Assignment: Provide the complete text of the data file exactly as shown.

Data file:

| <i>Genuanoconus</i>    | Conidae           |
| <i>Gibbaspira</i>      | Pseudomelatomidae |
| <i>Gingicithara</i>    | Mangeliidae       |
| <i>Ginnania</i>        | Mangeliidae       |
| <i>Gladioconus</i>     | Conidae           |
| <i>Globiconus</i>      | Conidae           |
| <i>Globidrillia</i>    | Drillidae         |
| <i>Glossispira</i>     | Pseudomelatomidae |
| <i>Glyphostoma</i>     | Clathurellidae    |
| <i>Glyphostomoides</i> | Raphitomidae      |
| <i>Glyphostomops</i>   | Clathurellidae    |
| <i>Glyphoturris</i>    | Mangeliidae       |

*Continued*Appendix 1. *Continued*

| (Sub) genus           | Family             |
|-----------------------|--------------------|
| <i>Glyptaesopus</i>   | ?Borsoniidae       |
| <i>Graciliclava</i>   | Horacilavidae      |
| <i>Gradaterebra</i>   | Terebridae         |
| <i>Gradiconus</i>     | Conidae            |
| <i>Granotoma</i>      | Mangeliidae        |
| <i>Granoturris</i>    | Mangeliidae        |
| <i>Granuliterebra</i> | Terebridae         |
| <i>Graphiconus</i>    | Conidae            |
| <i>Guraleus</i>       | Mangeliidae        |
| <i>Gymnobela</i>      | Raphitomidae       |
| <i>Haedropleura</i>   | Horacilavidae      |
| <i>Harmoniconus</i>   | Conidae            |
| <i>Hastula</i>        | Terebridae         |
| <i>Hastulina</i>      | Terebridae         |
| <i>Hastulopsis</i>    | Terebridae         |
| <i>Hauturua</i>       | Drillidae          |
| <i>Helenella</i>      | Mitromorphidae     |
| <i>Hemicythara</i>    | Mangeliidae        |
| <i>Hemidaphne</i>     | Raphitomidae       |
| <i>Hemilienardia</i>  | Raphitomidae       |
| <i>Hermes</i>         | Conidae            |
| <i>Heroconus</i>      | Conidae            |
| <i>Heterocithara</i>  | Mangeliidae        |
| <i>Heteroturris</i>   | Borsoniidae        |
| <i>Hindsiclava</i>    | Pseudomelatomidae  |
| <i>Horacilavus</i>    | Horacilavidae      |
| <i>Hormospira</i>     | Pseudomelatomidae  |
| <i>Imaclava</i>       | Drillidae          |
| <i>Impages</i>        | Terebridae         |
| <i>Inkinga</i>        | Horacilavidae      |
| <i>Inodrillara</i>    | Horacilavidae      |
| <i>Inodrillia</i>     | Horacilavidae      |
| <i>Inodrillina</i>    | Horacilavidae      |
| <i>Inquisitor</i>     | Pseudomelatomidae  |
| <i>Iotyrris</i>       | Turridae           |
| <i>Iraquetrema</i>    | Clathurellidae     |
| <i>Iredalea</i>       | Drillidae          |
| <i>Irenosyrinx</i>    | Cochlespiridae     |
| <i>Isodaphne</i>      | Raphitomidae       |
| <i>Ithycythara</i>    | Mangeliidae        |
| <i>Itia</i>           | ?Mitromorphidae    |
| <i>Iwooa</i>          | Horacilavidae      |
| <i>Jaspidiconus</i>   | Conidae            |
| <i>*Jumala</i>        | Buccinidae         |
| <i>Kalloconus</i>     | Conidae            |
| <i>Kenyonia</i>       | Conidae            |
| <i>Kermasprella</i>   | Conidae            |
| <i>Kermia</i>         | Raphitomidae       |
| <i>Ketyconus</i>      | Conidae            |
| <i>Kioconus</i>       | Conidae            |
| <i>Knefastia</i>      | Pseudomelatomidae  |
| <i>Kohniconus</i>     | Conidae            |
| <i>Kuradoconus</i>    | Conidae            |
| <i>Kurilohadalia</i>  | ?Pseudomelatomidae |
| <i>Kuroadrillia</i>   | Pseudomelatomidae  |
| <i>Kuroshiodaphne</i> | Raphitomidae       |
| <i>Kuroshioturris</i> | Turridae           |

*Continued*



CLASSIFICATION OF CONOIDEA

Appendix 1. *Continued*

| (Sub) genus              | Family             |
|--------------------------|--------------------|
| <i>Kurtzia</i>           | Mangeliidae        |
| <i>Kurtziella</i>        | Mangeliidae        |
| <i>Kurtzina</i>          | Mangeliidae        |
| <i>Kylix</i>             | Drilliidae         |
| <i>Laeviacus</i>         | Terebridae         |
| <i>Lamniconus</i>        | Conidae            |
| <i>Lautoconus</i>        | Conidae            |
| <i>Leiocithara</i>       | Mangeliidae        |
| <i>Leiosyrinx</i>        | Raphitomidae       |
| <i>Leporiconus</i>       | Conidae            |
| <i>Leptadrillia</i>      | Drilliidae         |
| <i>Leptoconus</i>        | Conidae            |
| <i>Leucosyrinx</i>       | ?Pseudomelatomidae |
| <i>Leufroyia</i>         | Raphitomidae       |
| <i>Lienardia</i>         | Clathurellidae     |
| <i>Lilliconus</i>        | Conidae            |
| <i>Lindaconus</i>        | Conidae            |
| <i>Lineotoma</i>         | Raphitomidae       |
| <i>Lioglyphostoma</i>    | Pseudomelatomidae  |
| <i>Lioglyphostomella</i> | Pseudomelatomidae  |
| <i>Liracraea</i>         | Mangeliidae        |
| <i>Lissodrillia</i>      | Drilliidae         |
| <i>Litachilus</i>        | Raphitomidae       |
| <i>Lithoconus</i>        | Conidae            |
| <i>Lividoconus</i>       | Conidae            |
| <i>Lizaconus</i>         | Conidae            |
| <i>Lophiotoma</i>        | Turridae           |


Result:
| <i>Genuanoconus</i>    | Conidae           |
| <i>Gibbaspira</i>      | Pseudomelatomidae |
| <i>Gingicithara</i>    | Mangeliidae       |
| <i>Ginnania</i>        | Mangeliidae       |
| <i>Gladioconus</i>     | Conidae           |
| <i>Globiconus</i>      | Conidae           |
| <i>Globidrillia</i>    | Drillidae         |
| <i>Glossispira</i>     | Pseudomelatomidae |
| <i>Glyphostoma</i>     | Clathurellidae    |
| <i>Glyphostomoides</i> | Raphitomidae      |
| <i>Glyphostomops</i>   | Clathurellidae    |
| <i>Glyphoturris</i>    | Mangeliidae       |

*Continued*Appendix 1. *Continued*

| (Sub) genus           | Family             |
|-----------------------|--------------------|
| <i>Glyptaesopus</i>   | ?Borsoniidae       |
| <i>Graciliclava</i>   | Horacilavidae      |
| <i>Gradaterebra</i>   | Terebridae         |
| <i>Gradiconus</i>     | Conidae            |
| <i>Granotoma</i>      | Mangeliidae        |
| <i>Granoturris</i>    | Mangeliidae        |
| <i>Granuliterebra</i> | Terebridae         |
| <i>Graphiconus</i>    | Conidae            |
| <i>Guraleus</i>       | Mangeliidae        |
| <i>Gymnobela</i>      | Raphitomidae       |
| <i>Haedropleura</i>   | Horacilavidae      |
| <i>Harmoniconus</i>   | Conidae            |
| <i>Hastula</i>        | Terebridae         |
| <i>Hastulina</i>      | Terebridae         |
| <i>Hastulopsis</i>    | Terebridae         |
| <i>Hauturua</i>       | Drillidae          |
| <i>Helenella</i>      | Mitromorphidae     |
| <i>Hemicythara</i>    | Mangeliidae        |
| <i>Hemidaphne</i>     | Raphitomidae       |
| <i>Hemilienardia</i>  | Raphitomidae       |
| <i>Hermes</i>         | Conidae            |
| <i>Heroconus</i>      | Conidae            |
| <i>Heterocithara</i>  | Mangeliidae        |
| <i>Heteroturris</i>   | Borsoniidae        |
| <i>Hindsiclava</i>    | Pseudomelatomidae  |
| <i>Horacilavus</i>    | Horacilavidae      |
| <i>Hormospira</i>     | Pseudomelatomidae  |
| <i>Imaclava</i>       | Drillidae          |
| <i>Impages</i>        | Terebridae         |
| <i>Inkinga</i>        | Horacilavidae      |
| <i>Inodrillara</i>    | Horacilavidae      |
| <i>Inodrillia</i>     | Horacilavidae      |
| <i>Inodrillina</i>    | Horacilavidae      |
| <i>Inquisitor</i>     | Pseudomelatomidae  |
| <i>Iotyrris</i>       | Turridae           |
| <i>Iraquetrema</i>    | Clathurellidae     |
| <i>Iredalea</i>       | Drillidae          |
| <i>Irenosyrinx</i>    | Cochlespiridae     |
| <i>Isodaphne</i>      | Raphitomidae       |
| <i>Ithycythara</i>    | Mangeliidae        |
| <i>Itia</i>           | ?Mitromorphidae    |
| <i>Iwooa</i>          | Horacilavidae      |
| <i>Jaspidiconus</i>   | Conidae            |
| <i>*Jumala</i>        | Buccinidae         |
| <i>Kalloconus</i>     | Conidae            |
| <i>Kenyonia</i>       | Conidae            |
| <i>Kermasprella</i>   | Conidae            |
| <i>Kermia</i>         | Raphitomidae       |
| <i>Ketyconus</i>      | Conidae            |
| <i>Kioconus</i>       | Conidae            |
| <i>Knefastia</i>      | Pseudomelatomidae  |
| <i>Kohniconus</i>     | Conidae            |
| <i>Kuradoconus</i>    | Conidae            |
| <i>Kurilohadalia</i>  | ?Pseudomelatomidae |
| <i>Kuroadrillia</i>   | Pseudomelatomidae  |
| <i>Kuroshiodaphne</i> | Raphitomidae       |
| <i>Kuroshioturris</i> | Turridae           |

*Continued*



CLASSIFICATION OF CONOIDEA

Appendix 1. *Continued*

| (Sub) genus              | Family             |
|--------------------------|--------------------|
| <i>Kurtzia</i>           | Mangeliidae        |
| <i>Kurtziella</i>        | Mangeliidae        |
| <i>Kurtzina</i>          | Mangeliidae        |
| <i>Kylix</i>             | Drilliidae         |
| <i>Laeviacus</i>         | Terebridae         |
| <i>Lamniconus</i>        | Conidae            |
| <i>Lautoconus</i>        | Conidae            |
| <i>Leiocithara</i>       | Mangeliidae        |
| <i>Leiosyrinx</i>        | Raphitomidae       |
| <i>Leporiconus</i>       | Conidae            |
| <i>Leptadrillia</i>      | Drilliidae         |
| <i>Leptoconus</i>        | Conidae            |
| <i>Leucosyrinx</i>       | ?Pseudomelatomidae |
| <i>Leufroyia</i>         | Raphitomidae       |
| <i>Lienardia</i>         | Clathurellidae     |
| <i>Lilliconus</i>        | Conidae            |
| <i>Lindaconus</i>        | Conidae            |
| <i>Lineotoma</i>         | Raphitomidae       |
| <i>Lioglyphostoma</i>    | Pseudomelatomidae  |
| <i>Lioglyphostomella</i> | Pseudomelatomidae  |
| <i>Liracraea</i>         | Mangeliidae        |
| <i>Lissodrillia</i>      | Drilliidae         |
| <i>Litachilus</i>        | Raphitomidae       |
| <i>Lithoconus</i>        | Conidae            |
| <i>Lividoconus</i>       | Conidae            |
| <i>Lizaconus</i>         | Conidae            |
| <i>Lophiotoma</i>        | Turridae           |